|Year : 2020 | Volume
| Issue : 4 | Page : 739-749
|Survey of Patient’s Experience of Altruistic Nondirected Kidney Donation
Katharina J Schumacher1, Sarah Stacey2, Jacob A Akoh3
1 Department of Surgery, Derriford Hospital, University Hospitals Plymouth NHS Trust, Plymouth PL6 8DH, UK
2 Department of South West Transplant Centre, Derriford Hospital, University Hospitals Plymouth NHS Trust, Plymouth PL6 8DH, UK
3 Department of Surgery; Department of South West Transplant Centre, Derriford Hospital, University Hospitals Plymouth NHS Trust, Plymouth PL6 8DH, UK
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|Date of Submission||19-Dec-2018|
|Date of Acceptance||22-Jan-2019|
|Date of Web Publication||15-Aug-2020|
| Abstract|| |
The scarcity of organs for donation is an ongoing issue. Change in legislative framework allows for altruistic donations in the UK, but, whereas the number of donations from deceased donors has increased, there has been a slow decline in altruistic living donors. The aim of this study was to review perspectives of altruistic nondirected kidney donors (ANDKD) at our center and outcome of all enquiries to inform service improvement and increase the numbers of donors. All enquiries by potential ANDKD at our center from September 2005 to September 2017 were analyzed. Donor assessment was performed as per the UK Guidelines, prior to obtaining Human Tissue Authority approval. The outcome of donation and results of questionnaires sent to 50 ANDKD were analyzed. During the period, 51 of the 180 enquiries (28.3%) resulted in kidney donation. Questionnaire responses were: 66% donors were retired; most heard about altruistic donation through media (60%); 72% thought psychological or psychiatric assessment was necessary; 95% found the information provided prior to donation adequate; 82% rated their overall experience as good/excellent; and 90% would recommend kidney donation to others. Thirteen of 50 donated kidneys were fed into the kidney exchange program. The mean ± standard error of the mean of the duration from human tissue authority approval to donation were 60.4 ± 5.4 and 131.2 ± 11.2 days, respectively (P = 0.00001). A significant proportion of enquiries for altruistic donation would result in donation but the assessment process needs to be quicker. ANDKD is useful way of priming the National Living Donor Kidney Sharing Scheme.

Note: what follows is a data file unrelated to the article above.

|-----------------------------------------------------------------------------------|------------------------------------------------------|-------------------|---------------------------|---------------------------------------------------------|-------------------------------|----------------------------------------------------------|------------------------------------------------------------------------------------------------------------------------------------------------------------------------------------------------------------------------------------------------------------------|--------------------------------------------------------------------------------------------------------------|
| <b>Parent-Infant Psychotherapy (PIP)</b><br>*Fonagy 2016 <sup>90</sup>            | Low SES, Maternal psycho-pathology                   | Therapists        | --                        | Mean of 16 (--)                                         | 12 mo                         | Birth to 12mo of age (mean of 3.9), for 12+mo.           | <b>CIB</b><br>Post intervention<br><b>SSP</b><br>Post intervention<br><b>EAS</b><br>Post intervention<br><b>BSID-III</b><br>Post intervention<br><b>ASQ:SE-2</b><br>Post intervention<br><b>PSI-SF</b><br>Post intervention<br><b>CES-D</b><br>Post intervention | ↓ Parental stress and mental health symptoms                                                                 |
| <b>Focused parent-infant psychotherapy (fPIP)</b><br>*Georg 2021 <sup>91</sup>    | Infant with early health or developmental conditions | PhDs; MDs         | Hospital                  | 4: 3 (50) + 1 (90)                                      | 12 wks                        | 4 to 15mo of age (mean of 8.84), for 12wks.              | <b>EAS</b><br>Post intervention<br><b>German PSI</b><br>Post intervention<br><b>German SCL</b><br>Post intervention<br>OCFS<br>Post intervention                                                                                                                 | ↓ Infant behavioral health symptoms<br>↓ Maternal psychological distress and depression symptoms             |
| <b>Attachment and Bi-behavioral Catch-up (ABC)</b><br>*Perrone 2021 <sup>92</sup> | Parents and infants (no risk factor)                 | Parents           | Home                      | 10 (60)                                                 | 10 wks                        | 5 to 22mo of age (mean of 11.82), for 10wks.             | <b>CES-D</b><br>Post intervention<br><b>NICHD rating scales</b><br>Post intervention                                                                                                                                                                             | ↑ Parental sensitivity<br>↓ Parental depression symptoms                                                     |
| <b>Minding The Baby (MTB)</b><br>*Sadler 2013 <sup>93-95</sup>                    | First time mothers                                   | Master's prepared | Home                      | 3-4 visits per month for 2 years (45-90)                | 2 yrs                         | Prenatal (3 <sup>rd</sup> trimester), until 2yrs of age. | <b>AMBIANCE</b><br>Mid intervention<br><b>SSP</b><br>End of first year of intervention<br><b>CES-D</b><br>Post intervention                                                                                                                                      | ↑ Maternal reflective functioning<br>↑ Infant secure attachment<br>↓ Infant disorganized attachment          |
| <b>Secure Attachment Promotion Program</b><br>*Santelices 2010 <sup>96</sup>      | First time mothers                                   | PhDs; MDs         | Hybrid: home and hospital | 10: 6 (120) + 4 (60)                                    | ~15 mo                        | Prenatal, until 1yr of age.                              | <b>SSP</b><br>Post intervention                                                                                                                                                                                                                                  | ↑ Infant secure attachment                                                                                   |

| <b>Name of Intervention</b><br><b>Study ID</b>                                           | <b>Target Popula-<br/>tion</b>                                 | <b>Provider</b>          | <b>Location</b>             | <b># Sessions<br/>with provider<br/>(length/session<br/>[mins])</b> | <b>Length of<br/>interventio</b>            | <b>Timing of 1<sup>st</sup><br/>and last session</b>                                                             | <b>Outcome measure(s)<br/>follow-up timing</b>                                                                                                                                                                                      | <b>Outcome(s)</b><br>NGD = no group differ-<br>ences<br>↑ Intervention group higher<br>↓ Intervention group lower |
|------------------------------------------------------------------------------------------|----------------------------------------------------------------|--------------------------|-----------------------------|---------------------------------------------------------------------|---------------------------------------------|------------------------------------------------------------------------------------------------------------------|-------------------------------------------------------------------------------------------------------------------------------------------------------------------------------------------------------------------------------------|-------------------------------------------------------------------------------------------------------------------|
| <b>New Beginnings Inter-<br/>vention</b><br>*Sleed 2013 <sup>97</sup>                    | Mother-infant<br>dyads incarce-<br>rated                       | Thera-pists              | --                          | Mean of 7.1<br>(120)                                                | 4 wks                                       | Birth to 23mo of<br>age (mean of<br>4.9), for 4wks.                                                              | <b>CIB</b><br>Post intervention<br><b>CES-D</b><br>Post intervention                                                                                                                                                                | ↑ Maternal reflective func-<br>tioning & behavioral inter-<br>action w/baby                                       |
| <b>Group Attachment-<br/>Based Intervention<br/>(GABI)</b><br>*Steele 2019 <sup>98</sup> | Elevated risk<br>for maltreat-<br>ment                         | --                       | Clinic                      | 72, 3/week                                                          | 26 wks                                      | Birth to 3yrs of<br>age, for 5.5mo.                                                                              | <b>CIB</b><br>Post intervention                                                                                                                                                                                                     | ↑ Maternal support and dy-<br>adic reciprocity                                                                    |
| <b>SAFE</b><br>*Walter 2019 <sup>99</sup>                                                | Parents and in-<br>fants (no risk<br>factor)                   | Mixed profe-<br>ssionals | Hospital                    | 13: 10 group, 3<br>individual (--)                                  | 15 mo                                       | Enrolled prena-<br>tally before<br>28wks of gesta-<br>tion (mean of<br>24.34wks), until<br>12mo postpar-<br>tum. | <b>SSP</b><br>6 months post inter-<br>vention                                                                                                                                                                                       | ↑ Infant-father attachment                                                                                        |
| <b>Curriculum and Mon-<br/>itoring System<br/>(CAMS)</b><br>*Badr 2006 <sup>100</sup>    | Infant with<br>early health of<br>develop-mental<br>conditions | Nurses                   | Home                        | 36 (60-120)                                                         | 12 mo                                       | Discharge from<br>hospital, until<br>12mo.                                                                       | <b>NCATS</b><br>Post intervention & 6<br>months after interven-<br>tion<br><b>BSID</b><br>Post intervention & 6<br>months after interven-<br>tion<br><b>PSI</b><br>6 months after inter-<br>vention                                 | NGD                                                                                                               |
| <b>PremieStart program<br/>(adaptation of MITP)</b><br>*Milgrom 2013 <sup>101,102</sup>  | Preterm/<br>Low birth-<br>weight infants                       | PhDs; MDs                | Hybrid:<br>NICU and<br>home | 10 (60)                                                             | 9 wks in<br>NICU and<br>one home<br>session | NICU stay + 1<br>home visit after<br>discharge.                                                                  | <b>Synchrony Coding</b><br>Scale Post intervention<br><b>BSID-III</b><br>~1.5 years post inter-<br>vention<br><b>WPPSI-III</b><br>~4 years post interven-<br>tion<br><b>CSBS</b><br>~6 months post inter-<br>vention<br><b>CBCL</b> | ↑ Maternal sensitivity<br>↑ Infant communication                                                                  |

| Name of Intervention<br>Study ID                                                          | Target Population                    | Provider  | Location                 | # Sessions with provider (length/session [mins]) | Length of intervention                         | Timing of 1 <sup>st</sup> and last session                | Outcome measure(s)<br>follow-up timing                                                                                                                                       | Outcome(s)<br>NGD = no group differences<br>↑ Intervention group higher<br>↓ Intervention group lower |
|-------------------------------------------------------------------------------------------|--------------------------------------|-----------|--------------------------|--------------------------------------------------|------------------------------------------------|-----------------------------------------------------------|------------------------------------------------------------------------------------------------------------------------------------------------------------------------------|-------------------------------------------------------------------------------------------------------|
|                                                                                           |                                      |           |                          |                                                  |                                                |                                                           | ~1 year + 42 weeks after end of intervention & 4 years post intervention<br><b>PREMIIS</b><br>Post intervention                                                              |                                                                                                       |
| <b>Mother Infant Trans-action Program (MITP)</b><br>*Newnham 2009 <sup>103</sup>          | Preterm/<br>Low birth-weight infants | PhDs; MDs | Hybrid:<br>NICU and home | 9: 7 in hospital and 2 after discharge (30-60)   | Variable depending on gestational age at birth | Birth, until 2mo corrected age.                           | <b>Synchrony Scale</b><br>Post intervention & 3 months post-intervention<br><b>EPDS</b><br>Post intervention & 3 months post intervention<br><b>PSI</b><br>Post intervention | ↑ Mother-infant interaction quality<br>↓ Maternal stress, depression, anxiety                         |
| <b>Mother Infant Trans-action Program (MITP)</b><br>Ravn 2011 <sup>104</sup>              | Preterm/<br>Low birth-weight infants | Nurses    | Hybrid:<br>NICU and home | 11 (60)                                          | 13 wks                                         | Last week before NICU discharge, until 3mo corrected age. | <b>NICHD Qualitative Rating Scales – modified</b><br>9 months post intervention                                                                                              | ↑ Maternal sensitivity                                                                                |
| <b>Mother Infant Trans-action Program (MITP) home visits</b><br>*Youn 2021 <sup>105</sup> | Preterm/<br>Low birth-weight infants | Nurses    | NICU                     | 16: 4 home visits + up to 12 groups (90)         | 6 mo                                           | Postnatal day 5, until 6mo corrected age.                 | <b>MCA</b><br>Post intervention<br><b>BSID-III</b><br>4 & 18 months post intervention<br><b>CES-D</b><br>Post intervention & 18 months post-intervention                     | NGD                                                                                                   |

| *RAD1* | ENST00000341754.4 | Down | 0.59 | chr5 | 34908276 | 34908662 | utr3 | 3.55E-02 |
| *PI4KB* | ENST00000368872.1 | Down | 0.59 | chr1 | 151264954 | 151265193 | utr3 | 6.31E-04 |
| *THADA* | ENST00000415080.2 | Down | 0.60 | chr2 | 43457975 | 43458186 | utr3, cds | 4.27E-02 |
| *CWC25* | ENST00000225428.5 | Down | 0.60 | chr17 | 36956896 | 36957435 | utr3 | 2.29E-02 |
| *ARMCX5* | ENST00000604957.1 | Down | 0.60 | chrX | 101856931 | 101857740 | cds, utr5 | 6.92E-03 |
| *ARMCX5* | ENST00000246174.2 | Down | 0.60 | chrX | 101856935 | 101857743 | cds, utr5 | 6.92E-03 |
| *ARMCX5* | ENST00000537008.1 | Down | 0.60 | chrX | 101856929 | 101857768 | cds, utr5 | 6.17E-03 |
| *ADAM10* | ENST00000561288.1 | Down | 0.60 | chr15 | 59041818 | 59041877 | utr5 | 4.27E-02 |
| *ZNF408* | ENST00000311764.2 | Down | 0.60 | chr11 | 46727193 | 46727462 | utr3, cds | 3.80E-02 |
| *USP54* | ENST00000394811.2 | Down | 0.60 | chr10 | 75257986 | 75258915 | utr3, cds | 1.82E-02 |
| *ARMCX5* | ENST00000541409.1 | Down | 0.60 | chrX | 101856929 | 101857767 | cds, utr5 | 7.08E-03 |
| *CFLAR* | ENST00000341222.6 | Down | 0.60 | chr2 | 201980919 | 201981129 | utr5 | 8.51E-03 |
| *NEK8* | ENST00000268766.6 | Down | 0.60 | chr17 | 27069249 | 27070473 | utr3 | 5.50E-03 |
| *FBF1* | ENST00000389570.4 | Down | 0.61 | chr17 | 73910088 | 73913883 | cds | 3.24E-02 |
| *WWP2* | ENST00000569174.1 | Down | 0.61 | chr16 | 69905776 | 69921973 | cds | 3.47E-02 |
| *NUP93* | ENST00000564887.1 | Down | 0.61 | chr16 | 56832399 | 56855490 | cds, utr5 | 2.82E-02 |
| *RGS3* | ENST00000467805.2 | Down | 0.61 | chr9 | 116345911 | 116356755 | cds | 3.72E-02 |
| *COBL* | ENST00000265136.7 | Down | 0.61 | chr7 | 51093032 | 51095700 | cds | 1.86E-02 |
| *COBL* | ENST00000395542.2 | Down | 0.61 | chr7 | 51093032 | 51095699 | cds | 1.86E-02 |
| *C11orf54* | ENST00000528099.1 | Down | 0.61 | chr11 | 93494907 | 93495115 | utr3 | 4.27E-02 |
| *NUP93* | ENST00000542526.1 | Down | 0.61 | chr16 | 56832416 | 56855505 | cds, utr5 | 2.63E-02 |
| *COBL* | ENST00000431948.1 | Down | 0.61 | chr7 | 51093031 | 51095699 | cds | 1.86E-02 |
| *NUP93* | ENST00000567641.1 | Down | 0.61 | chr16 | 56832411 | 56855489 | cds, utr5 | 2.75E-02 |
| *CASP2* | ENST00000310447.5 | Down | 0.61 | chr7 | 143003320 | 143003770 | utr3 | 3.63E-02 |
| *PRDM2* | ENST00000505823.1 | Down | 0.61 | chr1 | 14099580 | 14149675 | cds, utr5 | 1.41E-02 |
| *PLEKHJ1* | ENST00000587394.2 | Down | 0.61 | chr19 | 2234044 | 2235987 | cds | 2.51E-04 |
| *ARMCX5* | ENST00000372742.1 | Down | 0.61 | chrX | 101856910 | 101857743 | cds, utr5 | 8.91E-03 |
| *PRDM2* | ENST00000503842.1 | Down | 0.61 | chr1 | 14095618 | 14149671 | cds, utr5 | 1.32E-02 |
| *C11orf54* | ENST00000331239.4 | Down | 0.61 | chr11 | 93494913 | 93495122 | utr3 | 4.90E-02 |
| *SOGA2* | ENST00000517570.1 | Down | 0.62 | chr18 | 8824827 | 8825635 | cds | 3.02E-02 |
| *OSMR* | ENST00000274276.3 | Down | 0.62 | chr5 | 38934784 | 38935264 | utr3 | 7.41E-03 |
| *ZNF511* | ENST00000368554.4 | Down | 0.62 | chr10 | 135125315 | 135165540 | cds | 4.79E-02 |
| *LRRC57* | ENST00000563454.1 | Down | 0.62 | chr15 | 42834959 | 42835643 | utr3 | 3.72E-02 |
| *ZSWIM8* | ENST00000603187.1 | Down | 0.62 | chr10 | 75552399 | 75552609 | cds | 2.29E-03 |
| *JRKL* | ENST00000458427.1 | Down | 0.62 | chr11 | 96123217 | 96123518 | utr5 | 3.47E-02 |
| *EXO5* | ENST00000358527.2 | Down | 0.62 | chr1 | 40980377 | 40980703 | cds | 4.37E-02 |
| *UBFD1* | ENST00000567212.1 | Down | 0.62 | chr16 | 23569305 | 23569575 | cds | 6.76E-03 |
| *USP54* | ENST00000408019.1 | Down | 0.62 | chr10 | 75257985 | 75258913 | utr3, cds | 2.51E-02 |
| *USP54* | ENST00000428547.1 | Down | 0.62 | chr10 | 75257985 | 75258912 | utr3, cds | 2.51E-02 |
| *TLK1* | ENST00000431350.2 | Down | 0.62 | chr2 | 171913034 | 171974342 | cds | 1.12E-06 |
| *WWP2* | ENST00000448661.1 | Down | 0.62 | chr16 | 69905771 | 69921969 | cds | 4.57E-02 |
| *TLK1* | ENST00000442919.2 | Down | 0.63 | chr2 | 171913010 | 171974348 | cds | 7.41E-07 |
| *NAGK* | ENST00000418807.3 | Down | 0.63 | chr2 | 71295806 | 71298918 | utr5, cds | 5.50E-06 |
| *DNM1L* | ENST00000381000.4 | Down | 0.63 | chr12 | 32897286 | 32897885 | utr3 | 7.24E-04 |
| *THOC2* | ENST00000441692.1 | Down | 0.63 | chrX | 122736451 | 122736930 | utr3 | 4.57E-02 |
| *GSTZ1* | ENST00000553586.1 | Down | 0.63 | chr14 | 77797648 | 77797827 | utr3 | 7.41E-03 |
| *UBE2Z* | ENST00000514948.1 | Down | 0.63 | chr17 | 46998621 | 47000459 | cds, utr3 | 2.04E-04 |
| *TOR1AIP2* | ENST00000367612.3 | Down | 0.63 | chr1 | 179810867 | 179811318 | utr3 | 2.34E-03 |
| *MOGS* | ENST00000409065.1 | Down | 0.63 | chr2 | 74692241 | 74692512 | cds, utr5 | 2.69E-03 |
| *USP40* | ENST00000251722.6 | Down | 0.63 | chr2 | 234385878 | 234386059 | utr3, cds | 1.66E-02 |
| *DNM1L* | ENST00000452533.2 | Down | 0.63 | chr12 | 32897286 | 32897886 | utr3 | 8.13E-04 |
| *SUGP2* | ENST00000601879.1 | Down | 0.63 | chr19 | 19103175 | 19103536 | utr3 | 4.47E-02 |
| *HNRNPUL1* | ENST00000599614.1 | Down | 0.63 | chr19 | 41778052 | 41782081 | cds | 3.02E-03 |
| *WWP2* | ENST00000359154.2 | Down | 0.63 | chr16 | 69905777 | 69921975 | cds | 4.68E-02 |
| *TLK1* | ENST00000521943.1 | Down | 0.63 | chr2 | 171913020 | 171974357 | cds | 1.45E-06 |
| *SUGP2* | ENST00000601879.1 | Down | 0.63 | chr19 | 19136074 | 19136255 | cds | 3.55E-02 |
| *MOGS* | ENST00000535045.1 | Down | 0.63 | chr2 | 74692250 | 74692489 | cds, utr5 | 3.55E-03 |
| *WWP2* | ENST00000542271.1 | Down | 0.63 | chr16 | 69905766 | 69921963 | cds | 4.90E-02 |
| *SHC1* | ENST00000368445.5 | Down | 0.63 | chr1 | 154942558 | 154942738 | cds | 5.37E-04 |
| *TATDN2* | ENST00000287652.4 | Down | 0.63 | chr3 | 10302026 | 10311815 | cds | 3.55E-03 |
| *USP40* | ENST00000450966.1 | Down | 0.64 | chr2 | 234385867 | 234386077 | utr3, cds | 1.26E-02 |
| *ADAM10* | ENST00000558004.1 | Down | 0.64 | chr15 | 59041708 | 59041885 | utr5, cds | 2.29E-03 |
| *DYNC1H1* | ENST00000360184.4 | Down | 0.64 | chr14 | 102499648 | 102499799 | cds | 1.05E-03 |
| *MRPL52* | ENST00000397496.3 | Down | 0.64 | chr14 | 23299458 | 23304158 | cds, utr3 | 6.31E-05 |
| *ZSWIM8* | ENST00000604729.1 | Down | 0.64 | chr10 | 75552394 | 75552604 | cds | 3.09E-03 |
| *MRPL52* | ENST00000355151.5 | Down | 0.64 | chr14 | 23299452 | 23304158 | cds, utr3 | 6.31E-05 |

|How to cite this article:|
Schumacher KJ, Stacey S, Akoh JA. Survey of Patient’s Experience of Altruistic Nondirected Kidney Donation. Saudi J Kidney Dis Transpl 2020;31:739-49
|How to cite this URL:|
Schumacher KJ, Stacey S, Akoh JA. Survey of Patient’s Experience of Altruistic Nondirected Kidney Donation. Saudi J Kidney Dis Transpl [serial online] 2020 [cited 2020 Sep 23];31:739-49. Available from: http://www.sjkdt.org/text.asp?2020/31/4/739/292307
| Introduction|| |
Chronic kidney disease (CKD) is a major public health problem worldwide, with about 19.4 million suffering from the advanced form (Stages 4 and 5) of the disease. CKD affects about 3 million people in the United Kingdom where 7814 patients started renal replacement therapy in 2015. The activity report for the UK Blood and Transplant 2016–2017 shows that whereas the number of donors after brain death and donors after circulatory death have increased over the past four years, there has been a slow but steady fall in the number of living donors. The continuing scarcity of organs for transplantation coupled with advances in technology and changes in the legislative framework in the UK have encouraged more opportunity and choice in the options for living donor kidney transplantation. Kidney transplantation from a living donor is associated with improved function, increased patient survival, and lowers health costs. Altruistic nondirected kidney donors (ANDKD) are able to donate their kidneys to strangers; thereby, increasing the number of available organs for transplantation. Such kidneys can be used for priming paired/complex exchange programs [National Living Donor Kidney Sharing Scheme (NLDKSS)] set up to address challenges with biological or human leukocyte antigens incompatibility in donor-recipient pairs.,, On average, nondirected donors can trigger five transplantations to occur. The long-term physical and psychological outcomes for ANDKD are comparable to directed donation, with a similar complication and mortality profile.
The motivation and decision to partake in altruistic kidney donation have not been fully studied, particularly the impact of religion.,,, The initial reaction of the profession and public to the development of ANDKD was that only people who were mentally unstable would consider such gifting hence the suggestion for rigorous psychological and psychiatric assessment.,, However, the profession and public now appear to value ANDKD as a useful resource for addressing the organ shortage problem. Since inception in 2006, about 634 ANDKD have taken place in the UK (financial years 2007–2017). The question is how can this program be made bigger?